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  11. Great summary. I think one more tip that Rick brought up in his post on winter bfr is that it may only be feasible for those of us who tend to have hot metabolisms in the first place. ‘Know your own body’ was Rick’s advice. I read recently on the Barefoot Running Facebook page that a bf runner in Denver got numb feet after half a mile in 52 degrees. I can walk a half mile to the post office in 20 degree temps no problem, but I’ve always been hot like that. Also, for those who can’t run barefoot in winter, or for those of us who will not when conditions get too nasty, a useful way to frame it is to adopt a more ‘natural’ approach in the first place. As a long term barefooter, I’m used to the natural rhythm of losing most of my pads over the winter and then regaining them in the spring. I’ll try to maintain them this winter by running when conditions are favorable or risk-free (20+ degrees on dry or freshly snowed asphalt), but it’s no big deal if they fade a bit; they’ll come back quickly in the spring. I like to think of the combined barefoot/minimalist running style as simply ‘natural running’, and accepting the natural limitations of the seasons can be part of this approach. Finally, thanks for your tip of not using Vibrams, which appeared in a previous post too. My brother got me some Vibrams as a thank you for turning him on to barefoot walking/running, but I ended up returning them and ordering some RunAmocs, which are really easy to slip on and off but, unlike my trusty moccasins, have tread.
    Bare Lee

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  12. I'd like to add a warning about using conventional shoes in the winter. I developed PF and other tendonitis issues after reverting to conventional Addidas because I didn't have a good winter minimalist shoe. Not sure if I'll try the barefoot in fresh snow thing. Maybe for a special Christmas or New Year's Eve run. I am going to ask Santa to bring me a good minimalist winter shoe. I'm looking forward to your reviews.

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  13. THANK YOU, MGBG!

    I'm so glad that I don't have to figure this out by myself...I can just take your advice (whew...)

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  14. Great tips! Thanks!

    I had once bare feet frostbite at -5°C, whereas I had been barefoot in colder -10°C weather without problem. I remember that 1) the snow was wet and 2) I actually didn't feel into getting barefoot and experienced it as cold, unpleasant, while I usually enjoyed it.

    So now I consider the "how I'm feeling" factor before going shoeless in winter.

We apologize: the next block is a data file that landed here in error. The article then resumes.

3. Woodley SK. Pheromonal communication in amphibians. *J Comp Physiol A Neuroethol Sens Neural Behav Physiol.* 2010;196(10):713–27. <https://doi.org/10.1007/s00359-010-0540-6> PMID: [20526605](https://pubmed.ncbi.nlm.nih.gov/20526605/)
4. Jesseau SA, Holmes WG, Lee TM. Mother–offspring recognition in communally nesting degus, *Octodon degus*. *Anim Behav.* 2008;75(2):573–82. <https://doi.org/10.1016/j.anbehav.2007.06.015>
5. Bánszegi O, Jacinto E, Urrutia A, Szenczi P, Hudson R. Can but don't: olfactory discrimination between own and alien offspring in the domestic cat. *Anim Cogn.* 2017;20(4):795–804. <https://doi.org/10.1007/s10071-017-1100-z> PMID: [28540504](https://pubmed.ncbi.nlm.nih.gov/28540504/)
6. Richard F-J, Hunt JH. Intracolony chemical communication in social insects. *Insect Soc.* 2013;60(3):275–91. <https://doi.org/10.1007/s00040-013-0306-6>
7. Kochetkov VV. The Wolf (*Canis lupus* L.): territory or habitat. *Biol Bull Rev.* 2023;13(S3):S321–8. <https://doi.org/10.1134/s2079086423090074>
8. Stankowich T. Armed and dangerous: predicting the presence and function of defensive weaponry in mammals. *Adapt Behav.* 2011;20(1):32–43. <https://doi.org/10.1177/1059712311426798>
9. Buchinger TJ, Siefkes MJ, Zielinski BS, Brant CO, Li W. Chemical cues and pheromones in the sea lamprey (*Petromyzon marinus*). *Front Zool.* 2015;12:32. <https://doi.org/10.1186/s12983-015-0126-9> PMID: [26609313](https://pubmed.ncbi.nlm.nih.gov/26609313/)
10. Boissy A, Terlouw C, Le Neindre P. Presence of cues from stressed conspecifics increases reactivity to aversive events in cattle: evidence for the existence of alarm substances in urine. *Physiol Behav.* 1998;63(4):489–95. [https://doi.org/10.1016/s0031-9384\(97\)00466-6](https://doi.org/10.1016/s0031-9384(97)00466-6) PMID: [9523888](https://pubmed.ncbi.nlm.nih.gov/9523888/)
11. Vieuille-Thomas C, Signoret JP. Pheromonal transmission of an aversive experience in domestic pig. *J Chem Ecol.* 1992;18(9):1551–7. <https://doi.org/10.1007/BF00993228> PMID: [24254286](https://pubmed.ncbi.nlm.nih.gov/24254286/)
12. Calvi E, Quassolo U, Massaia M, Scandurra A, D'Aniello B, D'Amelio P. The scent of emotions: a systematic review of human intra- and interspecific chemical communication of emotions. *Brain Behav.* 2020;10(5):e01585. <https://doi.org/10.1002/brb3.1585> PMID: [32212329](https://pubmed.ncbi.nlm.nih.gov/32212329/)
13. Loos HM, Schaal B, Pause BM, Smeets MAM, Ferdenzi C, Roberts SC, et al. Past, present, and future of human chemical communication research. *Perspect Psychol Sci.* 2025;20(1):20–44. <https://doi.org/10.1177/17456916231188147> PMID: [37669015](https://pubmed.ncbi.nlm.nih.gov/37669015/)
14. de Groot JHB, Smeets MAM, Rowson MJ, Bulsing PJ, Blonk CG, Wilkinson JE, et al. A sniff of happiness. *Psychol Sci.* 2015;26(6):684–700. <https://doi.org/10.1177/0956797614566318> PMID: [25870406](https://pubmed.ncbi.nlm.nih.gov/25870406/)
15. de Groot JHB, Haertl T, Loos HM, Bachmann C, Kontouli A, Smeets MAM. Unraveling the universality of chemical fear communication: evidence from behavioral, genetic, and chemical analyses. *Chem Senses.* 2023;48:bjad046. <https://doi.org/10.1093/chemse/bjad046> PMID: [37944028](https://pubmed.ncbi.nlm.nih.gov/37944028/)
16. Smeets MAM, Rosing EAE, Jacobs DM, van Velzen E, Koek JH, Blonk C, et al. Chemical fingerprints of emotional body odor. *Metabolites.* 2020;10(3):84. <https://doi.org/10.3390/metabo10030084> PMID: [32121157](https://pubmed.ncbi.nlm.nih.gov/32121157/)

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  15. MY attempts in this direction are maybe a bit extreme. And I'm still working on improving my capacity.

    All of these are risky/dangerious.
    I'm trying running wet in about 3C I started submerging myself in a melt water river repeatedly as I was running. I.E. run 3k then 10 meter in waist deep water, run 1k then 20 meter in waist deep water, run 2k then 80 meters in waist deep water, etc.. I started doing this in Vibrams speeds and track suit. then progressed to Vibrams and compression shorts and light windbreaker top. then started doing it completely barefoot. Then I had a bad day and got frost bite. My current experience indicates that frostnip/frostbite although painful is benificial, basically I don't tend to get frostbite in the same place, it seems progressive. So after a part has been frostbitten it seems to be tougher.

    Now to maybe scare inform you a bit.
    Make sure you know how to treat blisters and open wounds and are ok cutting off dead skin/flesh. I have a full triage kit at home now with scalpels, wound dressing, disinfectants cremes. I don't personally use painkillers but if you do also make sure you have some strong ones ready and take them before you start to thaw your feet out, because it will hurt, with frost bite it really hurts for the first hour or so, then become dull ache for about 24hours, then sensitive for couple days.
    A good tip is that scalpels can be a real pain to use on your own feet/toes so I now use safety razor blades.
    Do learn how to dress an open wound and make sure you know how to recognize dead skin/meat. Learn how to treat frostbite and don't artificially heat the area, I just put on warm ski socks for the first hour or so and ride out the pain, only then can you really assess the damage. Make sure you know your local doctor/emergency room. Make sure you have your tetanus jab.
    So all this because it will happen you will get forstbite if you run regularly in the winter, and the only one you should have to rely on for triage treatment is you.

    If your luck you may just get the worst blisters of your life. I treat them by using a hypodermic needle and syringe to extract the fluid, then oiling/creaming the whole foot and binding the foot lightly. I then repeat this ever hour or so until the blister stop filling back up. It is a bit laborious but it means you can keep the skin, so its worth it.